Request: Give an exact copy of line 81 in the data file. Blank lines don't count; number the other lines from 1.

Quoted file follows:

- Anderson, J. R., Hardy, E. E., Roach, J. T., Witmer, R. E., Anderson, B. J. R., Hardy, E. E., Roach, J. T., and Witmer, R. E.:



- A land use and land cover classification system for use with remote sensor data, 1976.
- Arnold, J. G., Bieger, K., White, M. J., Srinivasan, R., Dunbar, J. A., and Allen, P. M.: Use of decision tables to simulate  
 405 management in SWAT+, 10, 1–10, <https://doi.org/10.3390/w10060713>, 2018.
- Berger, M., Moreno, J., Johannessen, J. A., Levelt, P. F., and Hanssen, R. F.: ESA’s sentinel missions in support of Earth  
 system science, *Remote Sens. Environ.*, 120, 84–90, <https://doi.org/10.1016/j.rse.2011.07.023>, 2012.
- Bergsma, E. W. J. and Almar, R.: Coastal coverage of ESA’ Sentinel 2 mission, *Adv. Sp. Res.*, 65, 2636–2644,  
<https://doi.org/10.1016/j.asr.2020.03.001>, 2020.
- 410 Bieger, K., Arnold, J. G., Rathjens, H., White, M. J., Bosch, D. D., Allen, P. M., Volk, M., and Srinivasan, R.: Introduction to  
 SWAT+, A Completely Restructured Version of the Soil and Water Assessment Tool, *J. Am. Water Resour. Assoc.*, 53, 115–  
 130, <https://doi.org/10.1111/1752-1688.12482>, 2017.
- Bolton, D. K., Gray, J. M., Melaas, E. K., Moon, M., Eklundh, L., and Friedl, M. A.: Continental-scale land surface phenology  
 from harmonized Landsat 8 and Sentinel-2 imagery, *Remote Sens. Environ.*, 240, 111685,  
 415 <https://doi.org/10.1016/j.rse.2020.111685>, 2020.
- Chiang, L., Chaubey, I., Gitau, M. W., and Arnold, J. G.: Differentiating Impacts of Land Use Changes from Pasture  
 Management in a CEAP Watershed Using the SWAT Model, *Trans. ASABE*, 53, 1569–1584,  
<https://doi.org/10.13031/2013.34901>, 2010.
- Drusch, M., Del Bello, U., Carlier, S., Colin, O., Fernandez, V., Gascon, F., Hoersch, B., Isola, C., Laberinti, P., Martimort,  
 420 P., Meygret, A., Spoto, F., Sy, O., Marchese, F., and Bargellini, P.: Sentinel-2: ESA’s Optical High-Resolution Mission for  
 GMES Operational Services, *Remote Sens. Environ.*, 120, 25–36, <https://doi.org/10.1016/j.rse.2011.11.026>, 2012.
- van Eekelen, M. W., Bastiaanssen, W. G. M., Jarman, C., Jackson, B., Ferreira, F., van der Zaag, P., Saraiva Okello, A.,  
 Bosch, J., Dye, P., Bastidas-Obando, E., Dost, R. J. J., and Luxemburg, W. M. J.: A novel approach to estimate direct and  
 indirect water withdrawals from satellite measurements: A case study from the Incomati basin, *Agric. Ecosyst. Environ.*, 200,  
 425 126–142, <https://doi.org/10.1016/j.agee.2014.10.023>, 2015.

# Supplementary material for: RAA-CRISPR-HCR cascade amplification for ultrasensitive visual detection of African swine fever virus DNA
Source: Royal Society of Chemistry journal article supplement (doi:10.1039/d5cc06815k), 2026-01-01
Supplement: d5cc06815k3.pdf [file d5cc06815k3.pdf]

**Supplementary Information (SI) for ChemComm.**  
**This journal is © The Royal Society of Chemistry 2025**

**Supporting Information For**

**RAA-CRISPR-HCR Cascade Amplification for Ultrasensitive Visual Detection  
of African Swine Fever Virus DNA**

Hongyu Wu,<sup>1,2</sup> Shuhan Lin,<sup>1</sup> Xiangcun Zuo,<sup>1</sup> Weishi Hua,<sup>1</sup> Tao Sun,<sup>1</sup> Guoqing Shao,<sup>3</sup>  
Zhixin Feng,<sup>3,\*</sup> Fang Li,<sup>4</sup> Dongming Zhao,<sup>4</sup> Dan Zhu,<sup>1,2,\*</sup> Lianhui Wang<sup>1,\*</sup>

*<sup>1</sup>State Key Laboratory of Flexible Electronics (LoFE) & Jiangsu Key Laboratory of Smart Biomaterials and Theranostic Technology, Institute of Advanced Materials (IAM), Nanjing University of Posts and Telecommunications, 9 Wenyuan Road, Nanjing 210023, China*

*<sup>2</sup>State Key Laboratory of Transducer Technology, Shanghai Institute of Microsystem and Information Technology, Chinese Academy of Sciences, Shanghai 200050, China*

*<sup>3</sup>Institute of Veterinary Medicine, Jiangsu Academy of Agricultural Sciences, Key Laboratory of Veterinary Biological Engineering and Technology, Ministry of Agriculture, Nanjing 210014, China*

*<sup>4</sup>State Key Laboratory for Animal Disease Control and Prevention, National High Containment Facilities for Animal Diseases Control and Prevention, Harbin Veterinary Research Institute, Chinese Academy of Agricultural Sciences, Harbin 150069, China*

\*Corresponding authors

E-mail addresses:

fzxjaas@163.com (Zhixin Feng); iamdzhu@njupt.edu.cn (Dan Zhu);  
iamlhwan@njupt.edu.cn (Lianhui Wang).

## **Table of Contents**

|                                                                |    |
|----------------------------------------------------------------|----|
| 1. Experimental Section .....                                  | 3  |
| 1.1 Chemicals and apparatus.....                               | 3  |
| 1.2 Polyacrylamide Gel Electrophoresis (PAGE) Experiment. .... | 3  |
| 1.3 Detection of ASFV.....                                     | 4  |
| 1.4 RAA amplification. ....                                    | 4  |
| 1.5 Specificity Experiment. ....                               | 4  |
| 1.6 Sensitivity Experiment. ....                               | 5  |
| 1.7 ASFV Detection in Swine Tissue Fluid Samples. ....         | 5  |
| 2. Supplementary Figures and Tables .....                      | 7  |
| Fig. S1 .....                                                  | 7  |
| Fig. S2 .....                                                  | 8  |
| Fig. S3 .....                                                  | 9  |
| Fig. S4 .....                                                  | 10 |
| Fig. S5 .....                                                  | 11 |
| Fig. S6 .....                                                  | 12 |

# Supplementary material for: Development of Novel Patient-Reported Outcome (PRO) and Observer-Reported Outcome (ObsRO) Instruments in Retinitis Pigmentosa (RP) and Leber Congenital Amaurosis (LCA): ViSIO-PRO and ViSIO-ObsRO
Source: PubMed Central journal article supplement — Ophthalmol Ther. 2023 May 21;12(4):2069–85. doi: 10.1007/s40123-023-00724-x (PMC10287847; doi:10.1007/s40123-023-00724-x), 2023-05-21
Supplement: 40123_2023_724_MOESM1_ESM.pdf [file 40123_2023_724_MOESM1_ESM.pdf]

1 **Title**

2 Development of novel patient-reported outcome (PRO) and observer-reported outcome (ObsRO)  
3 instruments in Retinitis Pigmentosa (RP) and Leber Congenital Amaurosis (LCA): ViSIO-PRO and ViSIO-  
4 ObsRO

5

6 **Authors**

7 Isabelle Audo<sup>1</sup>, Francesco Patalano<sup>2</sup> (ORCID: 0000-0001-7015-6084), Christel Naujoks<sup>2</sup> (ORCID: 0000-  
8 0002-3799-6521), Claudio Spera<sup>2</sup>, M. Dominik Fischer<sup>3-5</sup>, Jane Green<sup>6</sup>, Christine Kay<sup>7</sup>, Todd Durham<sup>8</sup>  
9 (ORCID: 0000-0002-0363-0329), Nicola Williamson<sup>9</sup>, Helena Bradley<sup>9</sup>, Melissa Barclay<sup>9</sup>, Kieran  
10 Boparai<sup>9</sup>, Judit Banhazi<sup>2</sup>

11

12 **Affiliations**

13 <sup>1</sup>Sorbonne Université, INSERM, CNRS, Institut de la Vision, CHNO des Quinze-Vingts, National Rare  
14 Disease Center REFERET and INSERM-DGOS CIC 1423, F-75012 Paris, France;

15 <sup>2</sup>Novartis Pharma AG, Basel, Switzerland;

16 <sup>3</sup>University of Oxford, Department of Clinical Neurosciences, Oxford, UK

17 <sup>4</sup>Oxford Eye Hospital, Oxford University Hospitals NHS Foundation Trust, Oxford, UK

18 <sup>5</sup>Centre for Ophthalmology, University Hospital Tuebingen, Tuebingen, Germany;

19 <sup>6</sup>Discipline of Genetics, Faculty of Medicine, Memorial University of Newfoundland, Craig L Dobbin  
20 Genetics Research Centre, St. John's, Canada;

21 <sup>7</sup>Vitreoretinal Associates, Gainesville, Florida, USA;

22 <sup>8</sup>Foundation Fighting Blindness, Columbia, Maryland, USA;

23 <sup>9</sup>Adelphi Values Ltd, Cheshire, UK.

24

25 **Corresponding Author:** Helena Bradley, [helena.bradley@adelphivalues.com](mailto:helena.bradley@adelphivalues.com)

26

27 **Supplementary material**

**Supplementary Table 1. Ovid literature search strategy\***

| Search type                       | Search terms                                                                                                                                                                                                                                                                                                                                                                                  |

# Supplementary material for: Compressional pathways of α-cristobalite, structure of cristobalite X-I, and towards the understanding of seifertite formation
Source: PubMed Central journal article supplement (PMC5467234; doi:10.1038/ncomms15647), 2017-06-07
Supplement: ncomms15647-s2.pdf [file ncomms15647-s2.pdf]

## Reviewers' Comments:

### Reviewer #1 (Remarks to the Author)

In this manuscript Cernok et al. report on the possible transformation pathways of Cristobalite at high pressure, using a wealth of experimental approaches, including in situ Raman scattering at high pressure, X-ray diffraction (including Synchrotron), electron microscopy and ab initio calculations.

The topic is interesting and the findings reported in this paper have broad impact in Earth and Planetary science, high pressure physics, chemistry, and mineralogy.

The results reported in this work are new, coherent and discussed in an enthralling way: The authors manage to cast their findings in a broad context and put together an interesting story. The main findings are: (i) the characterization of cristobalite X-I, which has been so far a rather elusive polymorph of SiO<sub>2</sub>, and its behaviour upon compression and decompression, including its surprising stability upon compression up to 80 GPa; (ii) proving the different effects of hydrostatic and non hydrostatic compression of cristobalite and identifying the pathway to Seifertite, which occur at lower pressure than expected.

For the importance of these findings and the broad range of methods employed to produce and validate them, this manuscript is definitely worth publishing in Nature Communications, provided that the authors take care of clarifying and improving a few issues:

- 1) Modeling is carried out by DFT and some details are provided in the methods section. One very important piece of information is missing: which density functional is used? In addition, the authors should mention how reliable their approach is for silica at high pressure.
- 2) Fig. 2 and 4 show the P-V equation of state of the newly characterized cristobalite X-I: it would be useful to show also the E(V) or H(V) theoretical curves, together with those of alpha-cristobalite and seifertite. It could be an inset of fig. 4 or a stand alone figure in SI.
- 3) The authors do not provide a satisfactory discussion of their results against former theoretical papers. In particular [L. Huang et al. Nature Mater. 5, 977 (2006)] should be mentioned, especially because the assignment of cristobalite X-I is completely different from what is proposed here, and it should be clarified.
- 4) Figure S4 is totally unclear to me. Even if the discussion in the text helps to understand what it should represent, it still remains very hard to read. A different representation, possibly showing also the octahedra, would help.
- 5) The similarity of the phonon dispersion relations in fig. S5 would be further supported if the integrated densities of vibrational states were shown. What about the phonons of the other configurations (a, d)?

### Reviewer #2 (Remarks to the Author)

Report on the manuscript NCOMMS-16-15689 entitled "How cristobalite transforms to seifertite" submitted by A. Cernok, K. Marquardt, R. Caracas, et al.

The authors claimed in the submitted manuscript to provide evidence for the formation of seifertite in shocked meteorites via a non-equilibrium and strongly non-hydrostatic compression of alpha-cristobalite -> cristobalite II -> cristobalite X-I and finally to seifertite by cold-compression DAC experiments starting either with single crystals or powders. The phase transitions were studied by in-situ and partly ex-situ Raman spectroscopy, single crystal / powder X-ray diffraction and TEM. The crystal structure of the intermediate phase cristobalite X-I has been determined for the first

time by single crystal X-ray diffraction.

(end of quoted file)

18 <sup>5</sup>Centre for Ophthalmology, University Hospital Tuebingen, Tuebingen, Germany;